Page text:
Do what Jenny did. Take a few minutes, or days, or months to watch the result of your employees or your children being hit, psychologically. See if they can limp off the court, without your help. You may need to support them, but try not to solve it right away. That’s how they’ll learn to solve it on their own. Watch it carefully, gather information, but don’t feel the need to get involved until they ask.

And if they do ask, “What should I do?” the best reply is, “What do you think you should do?”

Always be hiring, always be firing

Recently I was talking to my friend Aaron who was lamenting the attitude of a manager he supervises. He said, “She complains that she doesn’t want a supervisor’s job. She says there’s too much hiring,” and I said to her, “As a manager, that’s your job—you should always be hiring and always be firing.”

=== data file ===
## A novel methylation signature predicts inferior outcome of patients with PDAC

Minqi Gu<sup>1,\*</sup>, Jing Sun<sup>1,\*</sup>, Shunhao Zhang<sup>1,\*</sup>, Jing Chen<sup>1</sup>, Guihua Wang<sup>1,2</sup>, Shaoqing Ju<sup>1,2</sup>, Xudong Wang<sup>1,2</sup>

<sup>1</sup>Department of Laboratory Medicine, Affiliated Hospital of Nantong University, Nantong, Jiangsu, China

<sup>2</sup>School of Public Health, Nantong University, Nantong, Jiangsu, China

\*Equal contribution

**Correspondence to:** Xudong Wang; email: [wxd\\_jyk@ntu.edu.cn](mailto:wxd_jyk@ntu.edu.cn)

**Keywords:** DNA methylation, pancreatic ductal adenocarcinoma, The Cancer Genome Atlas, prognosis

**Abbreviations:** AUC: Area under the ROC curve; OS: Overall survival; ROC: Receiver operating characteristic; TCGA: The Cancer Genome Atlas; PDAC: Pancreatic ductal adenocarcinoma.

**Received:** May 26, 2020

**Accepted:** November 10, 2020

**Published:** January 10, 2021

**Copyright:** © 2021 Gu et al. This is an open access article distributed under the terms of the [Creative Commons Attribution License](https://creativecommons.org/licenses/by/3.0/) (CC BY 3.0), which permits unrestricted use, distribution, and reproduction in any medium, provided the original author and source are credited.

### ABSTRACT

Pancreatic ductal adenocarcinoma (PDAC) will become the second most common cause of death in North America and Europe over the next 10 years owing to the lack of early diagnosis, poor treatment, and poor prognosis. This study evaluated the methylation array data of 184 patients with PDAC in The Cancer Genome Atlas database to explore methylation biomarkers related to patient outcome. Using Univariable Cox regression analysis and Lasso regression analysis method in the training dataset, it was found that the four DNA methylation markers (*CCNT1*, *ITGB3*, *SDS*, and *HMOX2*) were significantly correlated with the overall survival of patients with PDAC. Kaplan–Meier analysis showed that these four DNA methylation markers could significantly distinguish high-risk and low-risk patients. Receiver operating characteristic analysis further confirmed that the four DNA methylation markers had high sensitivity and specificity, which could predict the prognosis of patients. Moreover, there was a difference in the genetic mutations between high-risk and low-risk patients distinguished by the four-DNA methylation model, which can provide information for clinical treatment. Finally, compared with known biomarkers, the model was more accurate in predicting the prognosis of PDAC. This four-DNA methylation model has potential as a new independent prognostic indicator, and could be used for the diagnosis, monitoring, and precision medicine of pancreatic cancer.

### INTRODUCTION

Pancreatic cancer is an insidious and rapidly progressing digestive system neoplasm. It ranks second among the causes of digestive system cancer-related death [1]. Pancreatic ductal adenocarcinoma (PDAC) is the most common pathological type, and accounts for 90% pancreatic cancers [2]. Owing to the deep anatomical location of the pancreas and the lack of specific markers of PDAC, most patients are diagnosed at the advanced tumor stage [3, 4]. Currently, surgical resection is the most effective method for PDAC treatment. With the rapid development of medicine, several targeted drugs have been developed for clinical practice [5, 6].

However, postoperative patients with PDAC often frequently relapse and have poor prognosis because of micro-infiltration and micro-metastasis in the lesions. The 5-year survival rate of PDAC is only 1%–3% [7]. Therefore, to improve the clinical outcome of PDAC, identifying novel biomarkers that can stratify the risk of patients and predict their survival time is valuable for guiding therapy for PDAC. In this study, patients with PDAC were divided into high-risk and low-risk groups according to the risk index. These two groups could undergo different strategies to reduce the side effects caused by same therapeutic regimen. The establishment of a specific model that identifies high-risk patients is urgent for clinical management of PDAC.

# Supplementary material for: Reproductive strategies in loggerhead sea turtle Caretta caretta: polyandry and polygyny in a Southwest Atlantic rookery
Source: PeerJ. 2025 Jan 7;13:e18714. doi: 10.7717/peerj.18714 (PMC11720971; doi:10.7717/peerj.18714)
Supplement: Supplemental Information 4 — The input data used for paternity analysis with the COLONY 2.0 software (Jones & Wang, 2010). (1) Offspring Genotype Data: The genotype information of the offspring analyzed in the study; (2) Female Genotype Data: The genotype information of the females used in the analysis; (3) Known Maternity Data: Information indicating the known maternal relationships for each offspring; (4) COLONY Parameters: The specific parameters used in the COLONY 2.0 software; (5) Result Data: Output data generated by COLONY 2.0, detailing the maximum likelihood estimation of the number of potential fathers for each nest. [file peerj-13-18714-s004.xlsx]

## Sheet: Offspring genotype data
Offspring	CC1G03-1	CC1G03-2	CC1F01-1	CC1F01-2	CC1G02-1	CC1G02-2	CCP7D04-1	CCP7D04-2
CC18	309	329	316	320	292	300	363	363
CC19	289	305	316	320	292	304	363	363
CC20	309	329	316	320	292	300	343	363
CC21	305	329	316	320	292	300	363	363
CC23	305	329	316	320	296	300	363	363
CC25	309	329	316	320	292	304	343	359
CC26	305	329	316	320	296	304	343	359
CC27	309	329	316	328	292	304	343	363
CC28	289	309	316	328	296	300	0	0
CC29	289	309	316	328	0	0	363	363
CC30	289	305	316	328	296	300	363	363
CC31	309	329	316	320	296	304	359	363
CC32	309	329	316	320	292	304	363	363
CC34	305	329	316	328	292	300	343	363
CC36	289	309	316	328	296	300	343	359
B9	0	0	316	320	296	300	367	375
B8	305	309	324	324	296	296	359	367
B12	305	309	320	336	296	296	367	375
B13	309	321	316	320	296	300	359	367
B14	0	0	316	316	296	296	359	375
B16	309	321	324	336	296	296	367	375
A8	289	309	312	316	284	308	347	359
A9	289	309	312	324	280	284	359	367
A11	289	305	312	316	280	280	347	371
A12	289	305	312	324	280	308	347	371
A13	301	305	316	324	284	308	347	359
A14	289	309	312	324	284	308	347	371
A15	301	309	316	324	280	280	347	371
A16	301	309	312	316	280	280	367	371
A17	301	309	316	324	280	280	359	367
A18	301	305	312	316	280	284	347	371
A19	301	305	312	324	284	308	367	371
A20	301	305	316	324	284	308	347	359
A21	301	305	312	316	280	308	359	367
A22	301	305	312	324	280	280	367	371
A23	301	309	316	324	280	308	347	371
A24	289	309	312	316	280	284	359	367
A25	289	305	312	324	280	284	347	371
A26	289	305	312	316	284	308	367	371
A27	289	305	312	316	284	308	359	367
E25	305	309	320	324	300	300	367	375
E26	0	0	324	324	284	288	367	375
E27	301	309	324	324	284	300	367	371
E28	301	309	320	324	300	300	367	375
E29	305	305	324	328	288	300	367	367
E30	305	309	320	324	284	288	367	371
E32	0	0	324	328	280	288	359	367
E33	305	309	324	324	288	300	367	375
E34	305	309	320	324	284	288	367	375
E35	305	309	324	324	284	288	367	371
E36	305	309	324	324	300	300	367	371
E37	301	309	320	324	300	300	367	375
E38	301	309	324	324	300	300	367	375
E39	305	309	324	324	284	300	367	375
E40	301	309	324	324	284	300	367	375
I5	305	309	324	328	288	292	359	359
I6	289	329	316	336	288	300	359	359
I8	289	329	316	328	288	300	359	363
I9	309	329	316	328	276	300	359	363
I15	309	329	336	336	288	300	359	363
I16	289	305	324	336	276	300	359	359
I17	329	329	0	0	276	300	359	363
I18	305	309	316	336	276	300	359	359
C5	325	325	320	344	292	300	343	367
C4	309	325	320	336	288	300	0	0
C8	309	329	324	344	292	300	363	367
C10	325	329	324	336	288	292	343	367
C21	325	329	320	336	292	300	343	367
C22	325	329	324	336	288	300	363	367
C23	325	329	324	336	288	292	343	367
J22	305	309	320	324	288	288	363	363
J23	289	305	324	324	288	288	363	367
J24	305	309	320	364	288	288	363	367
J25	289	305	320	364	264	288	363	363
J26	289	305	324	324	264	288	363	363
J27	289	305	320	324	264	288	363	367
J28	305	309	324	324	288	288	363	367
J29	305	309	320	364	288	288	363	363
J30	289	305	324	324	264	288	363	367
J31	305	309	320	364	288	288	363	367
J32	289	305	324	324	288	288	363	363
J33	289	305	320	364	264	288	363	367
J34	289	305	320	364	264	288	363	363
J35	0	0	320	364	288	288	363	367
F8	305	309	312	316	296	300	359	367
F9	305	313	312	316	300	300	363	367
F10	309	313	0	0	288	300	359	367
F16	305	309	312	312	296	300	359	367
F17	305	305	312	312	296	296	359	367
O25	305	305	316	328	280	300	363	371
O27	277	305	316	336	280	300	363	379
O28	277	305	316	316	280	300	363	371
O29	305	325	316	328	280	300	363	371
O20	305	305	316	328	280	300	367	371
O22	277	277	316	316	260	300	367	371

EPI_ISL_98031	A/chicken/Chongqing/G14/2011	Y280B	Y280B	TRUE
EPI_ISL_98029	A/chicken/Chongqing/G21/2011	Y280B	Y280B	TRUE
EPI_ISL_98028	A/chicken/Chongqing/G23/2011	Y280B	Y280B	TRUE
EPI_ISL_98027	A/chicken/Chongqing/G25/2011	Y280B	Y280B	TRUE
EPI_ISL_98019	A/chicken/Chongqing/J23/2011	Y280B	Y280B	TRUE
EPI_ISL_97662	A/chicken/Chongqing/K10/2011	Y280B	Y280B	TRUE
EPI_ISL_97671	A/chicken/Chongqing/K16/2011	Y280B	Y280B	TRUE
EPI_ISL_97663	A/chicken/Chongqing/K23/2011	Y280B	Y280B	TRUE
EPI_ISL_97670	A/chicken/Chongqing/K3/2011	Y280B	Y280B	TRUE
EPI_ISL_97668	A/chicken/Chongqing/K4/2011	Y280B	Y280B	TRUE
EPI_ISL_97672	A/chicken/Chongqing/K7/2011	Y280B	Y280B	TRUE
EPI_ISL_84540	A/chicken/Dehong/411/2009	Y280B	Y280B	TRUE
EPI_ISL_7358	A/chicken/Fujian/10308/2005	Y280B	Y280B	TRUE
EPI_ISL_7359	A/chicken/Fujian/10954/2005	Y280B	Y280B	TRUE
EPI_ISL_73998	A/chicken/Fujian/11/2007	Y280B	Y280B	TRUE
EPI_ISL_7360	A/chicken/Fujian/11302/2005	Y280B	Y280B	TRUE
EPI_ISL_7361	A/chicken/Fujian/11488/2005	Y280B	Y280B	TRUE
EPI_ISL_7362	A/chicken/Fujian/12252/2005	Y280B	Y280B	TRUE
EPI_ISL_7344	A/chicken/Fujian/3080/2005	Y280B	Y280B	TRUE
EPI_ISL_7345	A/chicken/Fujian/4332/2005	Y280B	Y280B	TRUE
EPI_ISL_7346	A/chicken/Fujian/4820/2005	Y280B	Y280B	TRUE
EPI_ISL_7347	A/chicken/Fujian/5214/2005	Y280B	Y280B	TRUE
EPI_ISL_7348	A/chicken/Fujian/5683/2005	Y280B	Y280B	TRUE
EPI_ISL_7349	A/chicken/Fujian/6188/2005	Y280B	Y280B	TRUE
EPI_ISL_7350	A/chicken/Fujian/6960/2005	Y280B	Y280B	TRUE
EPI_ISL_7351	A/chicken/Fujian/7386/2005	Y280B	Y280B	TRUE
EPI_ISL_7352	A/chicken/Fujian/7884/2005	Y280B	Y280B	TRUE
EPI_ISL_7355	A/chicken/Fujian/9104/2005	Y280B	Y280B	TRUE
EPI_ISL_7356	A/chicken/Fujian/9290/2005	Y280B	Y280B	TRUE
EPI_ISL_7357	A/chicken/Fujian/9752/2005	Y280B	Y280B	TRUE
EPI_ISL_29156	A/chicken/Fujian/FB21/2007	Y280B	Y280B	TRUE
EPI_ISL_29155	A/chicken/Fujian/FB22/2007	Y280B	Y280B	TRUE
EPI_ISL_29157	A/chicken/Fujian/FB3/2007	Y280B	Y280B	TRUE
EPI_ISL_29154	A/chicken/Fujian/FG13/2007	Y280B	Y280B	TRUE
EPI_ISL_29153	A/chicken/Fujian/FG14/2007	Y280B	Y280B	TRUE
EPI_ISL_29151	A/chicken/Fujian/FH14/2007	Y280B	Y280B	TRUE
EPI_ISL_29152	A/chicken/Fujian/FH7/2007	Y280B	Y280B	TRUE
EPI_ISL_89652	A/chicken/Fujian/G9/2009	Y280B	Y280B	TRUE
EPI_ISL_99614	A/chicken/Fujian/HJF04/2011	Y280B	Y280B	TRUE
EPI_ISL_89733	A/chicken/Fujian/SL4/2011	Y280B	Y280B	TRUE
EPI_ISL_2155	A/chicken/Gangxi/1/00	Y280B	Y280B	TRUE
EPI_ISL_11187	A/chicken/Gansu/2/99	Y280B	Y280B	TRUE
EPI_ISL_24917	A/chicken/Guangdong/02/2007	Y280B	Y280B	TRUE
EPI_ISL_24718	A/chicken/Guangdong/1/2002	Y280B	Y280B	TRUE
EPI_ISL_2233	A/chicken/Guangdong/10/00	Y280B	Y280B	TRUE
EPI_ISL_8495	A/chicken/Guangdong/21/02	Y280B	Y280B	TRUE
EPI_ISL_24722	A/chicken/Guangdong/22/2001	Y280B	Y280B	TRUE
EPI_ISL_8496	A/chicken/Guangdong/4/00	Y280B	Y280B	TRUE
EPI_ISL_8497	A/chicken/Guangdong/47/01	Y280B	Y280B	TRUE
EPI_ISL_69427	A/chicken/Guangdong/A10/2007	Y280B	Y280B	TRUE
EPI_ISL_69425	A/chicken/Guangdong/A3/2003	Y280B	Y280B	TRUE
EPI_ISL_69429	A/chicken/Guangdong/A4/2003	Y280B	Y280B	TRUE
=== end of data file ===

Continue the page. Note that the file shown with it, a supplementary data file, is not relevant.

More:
When I shared that anecdote with some friends recently and told them I was going to include it in the book, they looked at me in horror. “How do you plan on firing your children, exactly, Ahava?” (You know, some days—just kidding.)

It’s not the actual hiring or firing as an activity in and of itself that I think is the point here. It’s the attitude Aaron is espousing, which comes down to:

  1. Understand the people in your life and the roles they play to support you
  2. Identify the people who are not supporting you in the ways that you need
  3. Lose the emotional vampires
  4. Get comfortable with the revolving door metaphor of life

While raising 2 teenage girls, I truly see this as excellent advice for life. Watching their different friends come and go, and how they get closer with some friends and pull away from others when things change is a sign of a healthy attitude and a growth mindset. Our own growth is predicated on how well we understand ourselves, as well as the impact others make on us.

When you understand that friends and colleagues and mentors and mentees come and go, you open up the emotional space to let others enter your life. While there is grief in losing close friends, employees and colleagues, that’s the reality of life.

Cultivating the attitude of “always be hiring, always be firing,” will get your teams and children attuned to the realities of relationships with others.